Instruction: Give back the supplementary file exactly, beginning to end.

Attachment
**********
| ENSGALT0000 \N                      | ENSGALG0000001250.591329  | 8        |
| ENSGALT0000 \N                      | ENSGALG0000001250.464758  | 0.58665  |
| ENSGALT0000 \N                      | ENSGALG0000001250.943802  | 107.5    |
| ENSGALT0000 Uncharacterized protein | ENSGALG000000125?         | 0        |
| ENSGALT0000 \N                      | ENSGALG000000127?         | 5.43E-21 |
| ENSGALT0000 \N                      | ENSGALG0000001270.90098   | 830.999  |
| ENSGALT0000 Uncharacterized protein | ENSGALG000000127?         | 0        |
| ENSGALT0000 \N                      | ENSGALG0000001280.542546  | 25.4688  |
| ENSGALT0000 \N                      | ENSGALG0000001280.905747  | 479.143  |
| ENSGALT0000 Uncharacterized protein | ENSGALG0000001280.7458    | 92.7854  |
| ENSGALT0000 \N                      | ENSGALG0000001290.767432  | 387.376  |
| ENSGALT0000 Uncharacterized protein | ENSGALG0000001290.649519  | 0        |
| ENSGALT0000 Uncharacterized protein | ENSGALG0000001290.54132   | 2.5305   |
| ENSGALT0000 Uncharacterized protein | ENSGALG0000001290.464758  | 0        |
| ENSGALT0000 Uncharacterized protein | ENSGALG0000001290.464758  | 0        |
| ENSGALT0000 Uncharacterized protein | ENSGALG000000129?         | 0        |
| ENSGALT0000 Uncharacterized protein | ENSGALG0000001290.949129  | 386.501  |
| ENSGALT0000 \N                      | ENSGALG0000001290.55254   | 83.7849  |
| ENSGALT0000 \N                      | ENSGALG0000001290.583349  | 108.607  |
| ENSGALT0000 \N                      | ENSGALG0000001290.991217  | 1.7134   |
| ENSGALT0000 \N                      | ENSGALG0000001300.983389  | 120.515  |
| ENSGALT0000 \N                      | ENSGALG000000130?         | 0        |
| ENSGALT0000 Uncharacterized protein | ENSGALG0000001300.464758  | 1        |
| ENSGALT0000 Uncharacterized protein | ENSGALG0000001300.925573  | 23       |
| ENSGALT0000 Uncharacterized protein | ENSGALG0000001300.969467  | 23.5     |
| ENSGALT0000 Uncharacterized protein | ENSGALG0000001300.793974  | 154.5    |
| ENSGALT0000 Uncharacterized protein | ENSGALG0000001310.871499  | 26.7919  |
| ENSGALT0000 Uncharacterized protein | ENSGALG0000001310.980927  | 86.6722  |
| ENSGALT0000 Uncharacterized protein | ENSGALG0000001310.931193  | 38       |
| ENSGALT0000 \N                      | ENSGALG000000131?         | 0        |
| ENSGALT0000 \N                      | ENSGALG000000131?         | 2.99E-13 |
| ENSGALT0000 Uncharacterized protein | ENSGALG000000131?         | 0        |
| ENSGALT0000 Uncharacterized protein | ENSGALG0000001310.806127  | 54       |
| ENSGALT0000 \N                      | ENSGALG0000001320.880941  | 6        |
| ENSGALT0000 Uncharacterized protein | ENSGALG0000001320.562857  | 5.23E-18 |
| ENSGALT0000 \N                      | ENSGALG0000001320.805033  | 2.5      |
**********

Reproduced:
| ENSGALT0000 \N                      | ENSGALG0000001250.591329  | 8        |
| ENSGALT0000 \N                      | ENSGALG0000001250.464758  | 0.58665  |
| ENSGALT0000 \N                      | ENSGALG0000001250.943802  | 107.5    |
| ENSGALT0000 Uncharacterized protein | ENSGALG000000125?         | 0        |
| ENSGALT0000 \N                      | ENSGALG000000127?         | 5.43E-21 |
| ENSGALT0000 \N                      | ENSGALG0000001270.90098   | 830.999  |
| ENSGALT0000 Uncharacterized protein | ENSGALG000000127?         | 0        |
| ENSGALT0000 \N                      | ENSGALG0000001280.542546  | 25.4688  |
| ENSGALT0000 \N                      | ENSGALG0000001280.905747  | 479.143  |
| ENSGALT0000 Uncharacterized protein | ENSGALG0000001280.7458    | 92.7854  |
| ENSGALT0000 \N                      | ENSGALG0000001290.767432  | 387.376  |
| ENSGALT0000 Uncharacterized protein | ENSGALG0000001290.649519  | 0        |
| ENSGALT0000 Uncharacterized protein | ENSGALG0000001290.54132   | 2.5305   |
| ENSGALT0000 Uncharacterized protein | ENSGALG0000001290.464758  | 0        |
| ENSGALT0000 Uncharacterized protein | ENSGALG0000001290.464758  | 0        |
| ENSGALT0000 Uncharacterized protein | ENSGALG000000129?         | 0        |
| ENSGALT0000 Uncharacterized protein | ENSGALG0000001290.949129  | 386.501  |
| ENSGALT0000 \N                      | ENSGALG0000001290.55254   | 83.7849  |
| ENSGALT0000 \N                      | ENSGALG0000001290.583349  | 108.607  |
| ENSGALT0000 \N                      | ENSGALG0000001290.991217  | 1.7134   |
| ENSGALT0000 \N                      | ENSGALG0000001300.983389  | 120.515  |
| ENSGALT0000 \N                      | ENSGALG000000130?         | 0        |
| ENSGALT0000 Uncharacterized protein | ENSGALG0000001300.464758  | 1        |
| ENSGALT0000 Uncharacterized protein | ENSGALG0000001300.925573  | 23       |
| ENSGALT0000 Uncharacterized protein | ENSGALG0000001300.969467  | 23.5     |
| ENSGALT0000 Uncharacterized protein | ENSGALG0000001300.793974  | 154.5    |
| ENSGALT0000 Uncharacterized protein | ENSGALG0000001310.871499  | 26.7919  |
| ENSGALT0000 Uncharacterized protein | ENSGALG0000001310.980927  | 86.6722  |
| ENSGALT0000 Uncharacterized protein | ENSGALG0000001310.931193  | 38       |
| ENSGALT0000 \N                      | ENSGALG000000131?         | 0        |
| ENSGALT0000 \N                      | ENSGALG000000131?         | 2.99E-13 |
| ENSGALT0000 Uncharacterized protein | ENSGALG000000131?         | 0        |
| ENSGALT0000 Uncharacterized protein | ENSGALG0000001310.806127  | 54       |
| ENSGALT0000 \N                      | ENSGALG0000001320.880941  | 6        |
| ENSGALT0000 Uncharacterized protein | ENSGALG0000001320.562857  | 5.23E-18 |
| ENSGALT0000 \N                      | ENSGALG0000001320.805033  | 2.5      |